As I promised, I am going to continue today to talk about the crisis we face, but I have a confession to make first. I don’t like talking about Trump. It makes me angry, sad, disgusted even to think about him. I would much rather be talking about Marx, or Kant, or Hume, or Plato, or Kierkegaard, or Game Theory. If I may repeat a story I have told here before, sometime in the late ‘60s I gave a talk at a Columbia University faculty seminar on Mill, excoriating him for the failings of his political theory. Hannah Arendt was in the audience and she came up at the end to say hello. She pretty obviously hadn’t much liked the talk, but she was polite. “What are you working on now?” she asked. “I am writing a book on Kant’s ethics,” I replied. Her face broke into a broad smile. “Ah,” she exclaimed, “it is so much more pleasant to spend time with Kant!”
But duty calls. Today I shall engage in some speculation about Trump the man, about what makes him tick, and how we might use our conclusions to influence him and even, perhaps, to damage his ability to harm this country and the world. My observations will be psychological, not political. Now, we litigated here some while ago the appropriateness of using medical terms drawn from psychoanalysis to describe Trump, and we agreed that doing so was unwarranted since I am not a trained analyst and neither I nor anyone reading this blog has the sort of clinical access to Trump on which a medical diagnosis could be based. But as I noted then, and will repeat now, people have been sizing up other people at least since the start of recorded history and in all likelihood for 100,000 years before that. All of us form judgments about people every day, based on our experience and observations, and I do not intend to refrain from doing so simply because I am unable to offer clinical justification for my judgments. Do with these reflections what you will.
The first thing we must understand is that Trump is not a normal person whose actions fall within the customary parameters of adult behavior. Let me offer a few examples in support of this claim. These are not large and significant official actions of the sort that make the news, as it were. But that is just the point. All of us learn to judge others on the basis of small but telling signs that we are conditioned by long evolution and experience to pick up on. Sometimes we call this body language. Poker players call them “tells.” We notice subtle changes in speech or facial expression or voice. This is neither arcane nor controversial. Indeed, without attention to these clues we would have trouble walking down a crowded street without bumping into people.
Here are a number of observations I have made of Trump that set off alarm bells in my head. One: Trump lies about things that are common knowledge to the people he is talking to. He tweets that Meryl Streep is a failure as an actress, for God’s sake. This has been so widely commented on that I need not cite examples. Two: Trump is obsessed with issues of size. He exaggerates the size of his hands, the size of his genitalia, the size of his fortune, the size of the buildings that bear his name, the size of his election victory, the size of the crowds he draws for his speeches. Three: Trump uses language in primitive ways that reveal an almost complete lack of thought or knowledge behind them. One example that struck me especially powerfully was his bizarre claim, in referring to his speeches, that “I have the best words.” Think about that for a moment. What can he possibly have meant by that? Four: Trump makes claims that are absurd and immediately refutable, apparently simply because at the moment he is making them it feels good to make them. I am sure many of you could add countless additional examples.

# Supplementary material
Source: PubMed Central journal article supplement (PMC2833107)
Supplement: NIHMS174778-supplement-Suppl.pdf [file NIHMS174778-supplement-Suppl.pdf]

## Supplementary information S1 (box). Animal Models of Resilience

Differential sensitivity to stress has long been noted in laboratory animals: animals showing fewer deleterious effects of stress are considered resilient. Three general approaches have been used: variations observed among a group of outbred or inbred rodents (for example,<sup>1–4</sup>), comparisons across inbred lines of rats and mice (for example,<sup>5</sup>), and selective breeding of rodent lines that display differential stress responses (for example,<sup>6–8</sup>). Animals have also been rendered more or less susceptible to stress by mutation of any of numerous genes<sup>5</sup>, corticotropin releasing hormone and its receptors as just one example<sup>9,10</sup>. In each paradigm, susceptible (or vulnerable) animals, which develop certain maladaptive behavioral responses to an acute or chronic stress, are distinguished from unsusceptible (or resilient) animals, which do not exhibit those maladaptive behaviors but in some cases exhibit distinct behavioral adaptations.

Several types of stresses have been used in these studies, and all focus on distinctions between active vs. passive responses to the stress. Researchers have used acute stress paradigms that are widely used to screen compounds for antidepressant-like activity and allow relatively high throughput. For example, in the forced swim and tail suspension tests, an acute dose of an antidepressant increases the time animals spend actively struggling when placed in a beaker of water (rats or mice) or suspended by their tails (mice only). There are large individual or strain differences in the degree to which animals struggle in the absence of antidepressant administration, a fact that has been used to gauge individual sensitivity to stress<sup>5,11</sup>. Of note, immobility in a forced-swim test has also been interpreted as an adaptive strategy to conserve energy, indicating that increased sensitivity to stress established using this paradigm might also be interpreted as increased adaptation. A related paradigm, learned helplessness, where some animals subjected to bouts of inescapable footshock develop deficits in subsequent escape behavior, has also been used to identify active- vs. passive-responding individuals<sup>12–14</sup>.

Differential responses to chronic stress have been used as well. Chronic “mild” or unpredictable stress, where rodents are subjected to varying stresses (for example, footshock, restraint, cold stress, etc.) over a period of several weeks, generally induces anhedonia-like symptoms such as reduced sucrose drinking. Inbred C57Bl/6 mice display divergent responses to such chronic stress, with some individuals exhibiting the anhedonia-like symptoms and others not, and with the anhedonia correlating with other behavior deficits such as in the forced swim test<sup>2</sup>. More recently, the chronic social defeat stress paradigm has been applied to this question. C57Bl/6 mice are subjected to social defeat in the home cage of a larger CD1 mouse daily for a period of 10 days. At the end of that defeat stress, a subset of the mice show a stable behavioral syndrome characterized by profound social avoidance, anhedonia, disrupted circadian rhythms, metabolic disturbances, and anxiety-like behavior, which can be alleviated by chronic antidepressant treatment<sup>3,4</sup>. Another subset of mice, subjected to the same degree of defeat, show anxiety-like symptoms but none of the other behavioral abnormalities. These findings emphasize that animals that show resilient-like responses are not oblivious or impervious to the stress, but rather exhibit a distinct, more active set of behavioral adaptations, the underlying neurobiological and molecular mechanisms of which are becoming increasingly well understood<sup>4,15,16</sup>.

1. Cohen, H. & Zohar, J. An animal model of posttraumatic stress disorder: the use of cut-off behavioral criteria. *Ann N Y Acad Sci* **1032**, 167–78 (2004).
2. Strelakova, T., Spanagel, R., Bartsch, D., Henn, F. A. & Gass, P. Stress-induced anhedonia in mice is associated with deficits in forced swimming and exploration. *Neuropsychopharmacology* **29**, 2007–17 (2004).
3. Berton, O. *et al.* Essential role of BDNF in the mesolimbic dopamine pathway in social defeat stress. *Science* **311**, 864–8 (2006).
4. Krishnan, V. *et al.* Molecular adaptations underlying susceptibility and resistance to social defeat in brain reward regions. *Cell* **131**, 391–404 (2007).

What do I make of all this? First, it seems obvious to me that Trump’s mental processes are extremely psychologically primitive. They are the thought processes of a child of three or four or five. Now, let us be clear, all of us start out as infants, and if Freud is correct, as I believe he is, we carry along with us throughout our lives the primitive thought processes that develop in us as infants [“primary thought processes,” Freud calls them.] But in normal adults, reality-tested secondary thought processes have been acquired and overlie the primary processes, which nevertheless live on in the unconscious and never cease affecting our experience of or thought about the world. It is a commonplace, or ought to be, that even such refined intellectual activities as Logic and Mathematics are driven and shaped by psychic energies and drives buried deep within us that find expression, in sublimated form, in such expressions as “driving a proof through” or “tearing a putative logical demonstration to shreds.” This is normal, and the behavior rooted in these repressed or sublimated desires and drives is well within the parameters of the normal.